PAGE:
Excellence in Teaching Day is an annual event sponsored by the Center for Teaching Excellence that brings together faculty members from across the University with nationally-recognized scholars for substantive dialogue about important issues in teaching and learning.
Given restrictions on campus gatherings, this year’s Excellence in Teaching Day was reimagined as a virtual event featuring our keynote, Professor Rhonda Magee, speaking about “The Inner Work of Teaching and Learning for All.” Her talk was open to the entire campus community and was delivered via Zoom on Friday, May 15, 2020 from 2:00 - 3:30. A recording of the keynote will also be made available on the CTE’s website.
The reflection that Professor Magee invites -- about resilience, justice, and mindfulness in the classroom -- feels even more timely in the present moment. Aware of the big and small ways our communities are currently suffering, and the significant disruptions we have all experienced to our teaching and learning environments, we hoped that this event would offer some sustenance and connection. We look forward to continuing to discuss these themes with you in programs and consultations in the coming year.
2020 Theme: Re-envisioning Resilience
Over the past several years, “resilience” has become a loaded term in higher education and more broadly in our national cultural discourse. Some have argued that young people are not showing the tenacity or persistence required to thrive personally and professionally. Others have countered that the problem resides not in young people, but in economic, social, and political realities that threaten well-being. Others still have highlighted the existing resilience of college students from historically marginalized groups who advocate for their own and their community members’ well-being at institutions that were built to exclude them.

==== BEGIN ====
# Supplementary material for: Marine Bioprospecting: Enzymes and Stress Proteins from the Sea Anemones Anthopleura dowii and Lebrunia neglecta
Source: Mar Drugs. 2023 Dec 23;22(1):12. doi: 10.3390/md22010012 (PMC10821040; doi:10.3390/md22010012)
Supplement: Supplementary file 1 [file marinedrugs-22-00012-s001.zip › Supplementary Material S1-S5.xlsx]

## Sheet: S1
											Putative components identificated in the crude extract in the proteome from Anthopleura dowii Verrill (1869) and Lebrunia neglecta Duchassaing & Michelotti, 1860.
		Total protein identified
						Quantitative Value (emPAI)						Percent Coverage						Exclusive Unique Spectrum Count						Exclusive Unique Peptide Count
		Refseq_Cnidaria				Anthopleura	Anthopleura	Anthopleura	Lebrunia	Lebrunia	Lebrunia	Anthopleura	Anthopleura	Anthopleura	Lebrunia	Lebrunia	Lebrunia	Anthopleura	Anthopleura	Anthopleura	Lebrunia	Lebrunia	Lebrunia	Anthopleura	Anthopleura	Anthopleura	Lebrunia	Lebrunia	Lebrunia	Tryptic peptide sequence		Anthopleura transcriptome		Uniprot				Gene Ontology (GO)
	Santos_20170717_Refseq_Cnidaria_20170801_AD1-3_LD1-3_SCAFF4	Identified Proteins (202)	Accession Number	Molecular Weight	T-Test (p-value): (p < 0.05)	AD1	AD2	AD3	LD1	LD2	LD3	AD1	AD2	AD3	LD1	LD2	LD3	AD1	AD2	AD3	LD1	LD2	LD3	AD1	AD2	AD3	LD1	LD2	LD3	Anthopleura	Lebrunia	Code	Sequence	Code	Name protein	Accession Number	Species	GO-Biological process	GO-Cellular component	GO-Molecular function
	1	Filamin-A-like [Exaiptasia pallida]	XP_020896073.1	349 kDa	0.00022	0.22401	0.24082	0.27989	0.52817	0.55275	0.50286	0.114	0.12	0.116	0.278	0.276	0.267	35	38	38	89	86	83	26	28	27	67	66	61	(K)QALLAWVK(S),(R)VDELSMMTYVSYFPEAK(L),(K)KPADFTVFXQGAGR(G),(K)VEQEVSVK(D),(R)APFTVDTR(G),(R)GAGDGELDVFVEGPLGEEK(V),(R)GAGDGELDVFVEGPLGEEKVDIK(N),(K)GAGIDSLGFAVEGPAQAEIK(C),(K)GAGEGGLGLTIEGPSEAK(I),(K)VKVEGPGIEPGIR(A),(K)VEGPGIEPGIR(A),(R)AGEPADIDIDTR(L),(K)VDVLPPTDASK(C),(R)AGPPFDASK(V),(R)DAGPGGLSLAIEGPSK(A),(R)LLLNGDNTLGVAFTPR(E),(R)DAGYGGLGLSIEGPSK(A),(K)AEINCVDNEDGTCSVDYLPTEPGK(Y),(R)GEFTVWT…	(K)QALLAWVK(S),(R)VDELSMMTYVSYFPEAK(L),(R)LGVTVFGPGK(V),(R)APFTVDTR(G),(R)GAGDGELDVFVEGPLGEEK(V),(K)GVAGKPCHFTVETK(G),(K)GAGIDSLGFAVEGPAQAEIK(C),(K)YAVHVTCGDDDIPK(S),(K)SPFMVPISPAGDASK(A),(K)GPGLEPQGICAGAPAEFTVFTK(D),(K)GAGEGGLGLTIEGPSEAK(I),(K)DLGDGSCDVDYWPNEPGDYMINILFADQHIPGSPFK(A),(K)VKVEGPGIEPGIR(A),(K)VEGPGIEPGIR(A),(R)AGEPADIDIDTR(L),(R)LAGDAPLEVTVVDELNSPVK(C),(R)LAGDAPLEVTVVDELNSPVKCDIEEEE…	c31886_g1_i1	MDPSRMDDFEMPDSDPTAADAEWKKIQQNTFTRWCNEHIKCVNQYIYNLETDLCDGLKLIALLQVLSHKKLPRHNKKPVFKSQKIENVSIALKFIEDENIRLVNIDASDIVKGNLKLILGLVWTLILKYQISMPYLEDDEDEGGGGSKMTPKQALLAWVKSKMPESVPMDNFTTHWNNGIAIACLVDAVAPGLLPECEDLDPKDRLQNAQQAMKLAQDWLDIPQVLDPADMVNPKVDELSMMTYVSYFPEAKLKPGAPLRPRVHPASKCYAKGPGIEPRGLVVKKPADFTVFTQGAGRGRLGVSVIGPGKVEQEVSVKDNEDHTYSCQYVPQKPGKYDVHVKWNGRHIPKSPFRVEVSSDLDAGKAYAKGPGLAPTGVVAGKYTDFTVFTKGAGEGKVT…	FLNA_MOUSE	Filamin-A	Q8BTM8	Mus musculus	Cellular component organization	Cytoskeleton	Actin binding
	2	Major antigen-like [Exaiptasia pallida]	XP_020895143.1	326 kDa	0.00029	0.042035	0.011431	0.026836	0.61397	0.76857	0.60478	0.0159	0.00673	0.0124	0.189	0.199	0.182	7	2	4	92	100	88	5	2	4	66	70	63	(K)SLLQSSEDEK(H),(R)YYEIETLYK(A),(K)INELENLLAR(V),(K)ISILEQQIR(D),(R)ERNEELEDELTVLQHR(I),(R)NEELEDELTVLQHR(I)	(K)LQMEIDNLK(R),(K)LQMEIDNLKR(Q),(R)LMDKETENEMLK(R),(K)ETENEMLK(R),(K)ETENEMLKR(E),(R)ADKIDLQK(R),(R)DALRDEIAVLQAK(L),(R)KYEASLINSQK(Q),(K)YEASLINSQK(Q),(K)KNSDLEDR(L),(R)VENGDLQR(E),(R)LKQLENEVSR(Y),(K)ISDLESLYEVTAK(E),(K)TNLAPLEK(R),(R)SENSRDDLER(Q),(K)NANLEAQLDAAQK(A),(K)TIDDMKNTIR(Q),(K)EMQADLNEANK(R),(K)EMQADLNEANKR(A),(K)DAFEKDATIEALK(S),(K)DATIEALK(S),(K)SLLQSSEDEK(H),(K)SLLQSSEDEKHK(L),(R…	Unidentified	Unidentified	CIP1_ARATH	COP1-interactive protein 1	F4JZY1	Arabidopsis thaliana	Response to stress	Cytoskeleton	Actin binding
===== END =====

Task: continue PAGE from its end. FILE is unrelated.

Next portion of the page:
In any case, faculty are finding themselves teaching students who are generally more open than previous generations about sharing their social, psychological, and academic struggles and more willing to seek help to address those personal concerns. And in light of the positive correlation between student well-being and learning, many instructors are experimenting with pedagogical practices to support students’ holistic flourishing and academic engagement, without overextending themselves or compromising their own well-being.
At Excellence in Teaching Day this year, instructors were invited to re-envision resilience from a broad range of perspectives as we seek to foster rigorous, just, and humane teaching and learning environments that help students and instructors alike prepare to confront the significant challenges ahead.
Keynote Speaker: Rhonda Magee
We were pleased to announce that Professor Rhonda Magee would serve as the keynote speaker for this year’s Excellence in Teaching Day. Magee, Professor of Law at the University of San Francisco, is a nationally-recognized authority on mindfulness and racial justice in the field of law and beyond.
Her current research examines mindfulness and contemplative pedagogy as means to further effective teaching in diverse learning communities, develop more just law and policy, and enhance collaborations for transformative change towards a more equitable world. Magee invites us to lean in to the places where we struggle, rather than away, and mindfully probe our sources of resilience both as individuals and communities.